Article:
Ceramic Additive ManufacturingResearch & Education

University of Leoben tackles multi-material ceramic AM

Austrian university acquires CeraFab 7500 from Lithoz

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The University of Leoben in Austria recently acquired a CeraFab 7500 3D printer from Vienna-based Lithoz, a leader in ceramic additive manufacturing. The university will utilize the system for multi-material processing, becoming the first educational institution in Austria to possess the capability.

The acquisition of the ceramic 3D printer was preceded by a longstanding collaborative relationship between Lithoz and the University of Leoben’s Departments of Materials Science and Plastics Engineering. Both departments will leverage the new system to further research in the design, production and characterization of new materials with improved structural and functional properties.

“New functionalities usually require the combination of different materials or classes of materials such as metal, polymers or ceramics, which are very difficult to process together due to their different thermo-physical properties. The realization of components with complex geometries is an especially great challenge,” explained university professor Dr. Raul Bermejo Moratinos of the Chair of Structural and Functional Ceramics. “Only the development of so-called additive manufacturing processes enables the processing of different material combinations to produce complex components.”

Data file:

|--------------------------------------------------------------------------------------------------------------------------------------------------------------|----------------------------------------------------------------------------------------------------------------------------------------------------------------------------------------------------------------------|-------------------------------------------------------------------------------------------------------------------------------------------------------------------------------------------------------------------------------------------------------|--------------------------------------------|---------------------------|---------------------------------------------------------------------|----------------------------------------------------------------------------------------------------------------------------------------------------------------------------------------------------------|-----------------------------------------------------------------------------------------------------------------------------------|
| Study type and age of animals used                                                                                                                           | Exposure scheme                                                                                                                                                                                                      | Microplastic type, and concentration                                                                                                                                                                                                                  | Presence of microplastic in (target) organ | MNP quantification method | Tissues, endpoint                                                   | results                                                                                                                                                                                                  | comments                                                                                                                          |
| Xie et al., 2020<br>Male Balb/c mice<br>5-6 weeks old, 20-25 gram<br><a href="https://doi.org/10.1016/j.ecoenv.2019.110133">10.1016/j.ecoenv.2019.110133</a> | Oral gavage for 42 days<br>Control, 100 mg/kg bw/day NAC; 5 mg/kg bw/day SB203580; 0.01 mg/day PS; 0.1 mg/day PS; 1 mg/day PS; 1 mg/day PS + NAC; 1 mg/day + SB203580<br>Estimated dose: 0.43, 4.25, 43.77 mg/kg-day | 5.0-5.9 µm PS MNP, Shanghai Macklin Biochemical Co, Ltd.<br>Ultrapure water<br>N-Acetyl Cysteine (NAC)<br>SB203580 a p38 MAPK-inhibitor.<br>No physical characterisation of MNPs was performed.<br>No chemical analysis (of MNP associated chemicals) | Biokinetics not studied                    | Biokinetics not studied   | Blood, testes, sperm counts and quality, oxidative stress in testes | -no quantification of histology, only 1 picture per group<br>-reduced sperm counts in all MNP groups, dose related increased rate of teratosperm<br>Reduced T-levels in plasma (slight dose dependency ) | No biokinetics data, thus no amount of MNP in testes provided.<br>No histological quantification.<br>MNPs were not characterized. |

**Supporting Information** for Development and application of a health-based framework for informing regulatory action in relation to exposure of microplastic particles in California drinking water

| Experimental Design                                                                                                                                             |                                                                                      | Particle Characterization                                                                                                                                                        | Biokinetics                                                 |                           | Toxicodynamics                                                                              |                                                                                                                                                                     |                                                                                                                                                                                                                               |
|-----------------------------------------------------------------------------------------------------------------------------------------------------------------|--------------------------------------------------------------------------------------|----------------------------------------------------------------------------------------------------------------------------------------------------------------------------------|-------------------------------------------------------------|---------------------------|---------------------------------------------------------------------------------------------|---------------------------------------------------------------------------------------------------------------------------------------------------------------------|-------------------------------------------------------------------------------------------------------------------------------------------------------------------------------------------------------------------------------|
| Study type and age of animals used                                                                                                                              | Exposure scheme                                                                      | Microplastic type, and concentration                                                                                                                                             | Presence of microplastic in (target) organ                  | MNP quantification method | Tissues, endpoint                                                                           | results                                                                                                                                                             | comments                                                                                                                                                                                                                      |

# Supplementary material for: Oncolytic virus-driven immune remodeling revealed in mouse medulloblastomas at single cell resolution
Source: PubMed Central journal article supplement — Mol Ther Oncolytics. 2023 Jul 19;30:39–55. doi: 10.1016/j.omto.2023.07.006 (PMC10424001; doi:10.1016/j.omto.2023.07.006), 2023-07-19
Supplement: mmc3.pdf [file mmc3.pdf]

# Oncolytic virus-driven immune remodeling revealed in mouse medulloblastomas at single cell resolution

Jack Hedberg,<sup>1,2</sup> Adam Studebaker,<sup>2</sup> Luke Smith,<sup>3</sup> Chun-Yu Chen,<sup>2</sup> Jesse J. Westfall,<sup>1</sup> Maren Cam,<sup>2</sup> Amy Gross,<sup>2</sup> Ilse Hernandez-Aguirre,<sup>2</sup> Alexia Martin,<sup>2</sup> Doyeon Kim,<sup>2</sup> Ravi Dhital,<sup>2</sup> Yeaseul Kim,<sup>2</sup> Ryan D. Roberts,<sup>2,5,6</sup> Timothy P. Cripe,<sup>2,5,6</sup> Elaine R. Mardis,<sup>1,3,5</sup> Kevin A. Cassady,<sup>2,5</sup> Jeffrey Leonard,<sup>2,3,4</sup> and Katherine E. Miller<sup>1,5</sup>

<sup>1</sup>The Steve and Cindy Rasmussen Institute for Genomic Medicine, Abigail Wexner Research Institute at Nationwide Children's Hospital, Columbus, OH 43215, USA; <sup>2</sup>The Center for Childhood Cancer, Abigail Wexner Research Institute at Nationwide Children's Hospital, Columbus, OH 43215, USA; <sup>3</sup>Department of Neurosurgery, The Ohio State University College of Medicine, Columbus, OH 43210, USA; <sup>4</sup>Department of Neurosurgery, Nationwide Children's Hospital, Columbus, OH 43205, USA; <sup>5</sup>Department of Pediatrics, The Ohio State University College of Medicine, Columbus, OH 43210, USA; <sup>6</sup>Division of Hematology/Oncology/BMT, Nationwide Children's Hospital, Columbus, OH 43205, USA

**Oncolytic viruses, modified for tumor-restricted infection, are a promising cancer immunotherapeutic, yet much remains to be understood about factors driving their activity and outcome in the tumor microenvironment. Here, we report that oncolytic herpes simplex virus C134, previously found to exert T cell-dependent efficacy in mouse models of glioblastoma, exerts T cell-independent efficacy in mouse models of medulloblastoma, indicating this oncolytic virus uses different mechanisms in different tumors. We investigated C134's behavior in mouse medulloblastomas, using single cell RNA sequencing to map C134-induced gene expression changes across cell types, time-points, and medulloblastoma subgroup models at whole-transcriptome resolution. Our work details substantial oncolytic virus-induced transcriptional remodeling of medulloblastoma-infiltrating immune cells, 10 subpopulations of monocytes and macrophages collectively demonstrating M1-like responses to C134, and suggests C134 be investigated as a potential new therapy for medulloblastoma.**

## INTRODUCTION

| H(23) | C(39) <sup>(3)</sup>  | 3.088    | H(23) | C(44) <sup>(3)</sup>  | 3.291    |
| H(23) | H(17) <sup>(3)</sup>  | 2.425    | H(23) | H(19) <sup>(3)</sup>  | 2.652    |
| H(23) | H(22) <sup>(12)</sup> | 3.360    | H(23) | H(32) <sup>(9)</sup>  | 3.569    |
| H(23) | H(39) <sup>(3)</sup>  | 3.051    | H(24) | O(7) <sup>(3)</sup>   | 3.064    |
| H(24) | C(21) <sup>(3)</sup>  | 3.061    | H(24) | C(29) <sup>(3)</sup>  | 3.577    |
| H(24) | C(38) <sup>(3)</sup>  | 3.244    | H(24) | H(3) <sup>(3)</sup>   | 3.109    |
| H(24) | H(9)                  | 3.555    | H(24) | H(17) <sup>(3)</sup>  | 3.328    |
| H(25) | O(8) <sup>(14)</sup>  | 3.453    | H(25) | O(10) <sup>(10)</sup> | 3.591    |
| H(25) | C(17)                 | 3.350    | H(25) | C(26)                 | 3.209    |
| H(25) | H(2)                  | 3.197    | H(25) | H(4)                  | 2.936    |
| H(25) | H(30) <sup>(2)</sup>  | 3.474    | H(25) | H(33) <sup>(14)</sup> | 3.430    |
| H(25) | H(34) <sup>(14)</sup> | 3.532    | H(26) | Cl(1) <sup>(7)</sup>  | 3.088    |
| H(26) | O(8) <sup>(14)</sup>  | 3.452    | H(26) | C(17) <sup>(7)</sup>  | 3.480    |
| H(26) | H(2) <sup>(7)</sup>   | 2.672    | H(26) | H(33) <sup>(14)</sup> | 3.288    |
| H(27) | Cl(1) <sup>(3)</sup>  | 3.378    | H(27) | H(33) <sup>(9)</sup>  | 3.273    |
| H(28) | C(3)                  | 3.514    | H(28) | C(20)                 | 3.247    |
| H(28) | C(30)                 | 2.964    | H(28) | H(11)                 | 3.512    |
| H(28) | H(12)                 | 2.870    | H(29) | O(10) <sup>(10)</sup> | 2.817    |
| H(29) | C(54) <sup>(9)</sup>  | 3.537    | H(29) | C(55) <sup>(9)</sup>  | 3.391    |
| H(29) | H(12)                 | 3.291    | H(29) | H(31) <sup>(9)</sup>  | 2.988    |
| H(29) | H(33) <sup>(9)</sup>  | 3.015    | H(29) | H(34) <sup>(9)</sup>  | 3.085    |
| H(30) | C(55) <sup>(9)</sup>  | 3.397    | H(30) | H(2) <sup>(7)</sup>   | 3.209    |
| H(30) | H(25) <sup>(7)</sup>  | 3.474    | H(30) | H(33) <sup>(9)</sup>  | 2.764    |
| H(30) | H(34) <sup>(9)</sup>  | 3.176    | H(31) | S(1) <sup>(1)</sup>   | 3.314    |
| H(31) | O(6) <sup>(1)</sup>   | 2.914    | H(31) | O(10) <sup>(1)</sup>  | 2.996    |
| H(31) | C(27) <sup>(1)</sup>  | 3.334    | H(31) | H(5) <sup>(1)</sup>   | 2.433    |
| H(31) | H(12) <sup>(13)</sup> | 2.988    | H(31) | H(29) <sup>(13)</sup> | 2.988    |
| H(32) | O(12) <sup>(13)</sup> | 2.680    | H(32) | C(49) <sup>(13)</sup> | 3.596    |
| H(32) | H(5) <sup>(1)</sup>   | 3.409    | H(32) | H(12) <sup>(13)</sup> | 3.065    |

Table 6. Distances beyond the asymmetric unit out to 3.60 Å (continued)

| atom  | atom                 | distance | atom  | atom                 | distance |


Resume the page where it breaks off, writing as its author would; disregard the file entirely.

University of Leoben Lithoz
The CeraFab 7500 system

The CeraFab 7500 has the ability to process high-resolution parts with complex geometries made from various materials, including different ceramics as well as filled and unfilled polymers and high-viscosity formulations. The system is based on Lithoz’s lithography-based ceramic manufacturing (LCM) technology, which doses a ceramic-loaded slurry into a transparent vat. The layer of slurry is then selectively exposed to a projected light from below, which cures the material. Green parts are built up layer by layer in this fashion and then they are sintered, resulting in fully dense ceramic components.

Leoben researchers will work with the CeraFab 7500 and support the development of design guidelines for the structural and functional properties of future 3D printed materials. Assistant Professor Dr. Thomas Grießer of the Chair of the Chemistry of Polymeric Materials, explained: “Concrete examples of this are high-performance ceramics for biomedicine, such as dental implants or hip joints, 3D architectures with adjusted functional properties, such as dialectrics or piezoelectrics for microelectronics, cooling elements for the electronics industry and filled photopolymers for the additive manufacture of spectacle frames or tooth replacement materials.”

Dr. Berjemo added that the 3D printer will also be used by master’s students in the materials science department. “Alongside metals and polymers, we can now map all classes of materials in teaching as materials for additive manufacturing. Students at the University of Leoben can gain additional industrial experience through internships in the field of 3D manufacturing at Lithoz.”

Earlier this month, Lithoz demonstrated the ability to 3D print multi-material parts using the CeraFab Multi 2M3 system.

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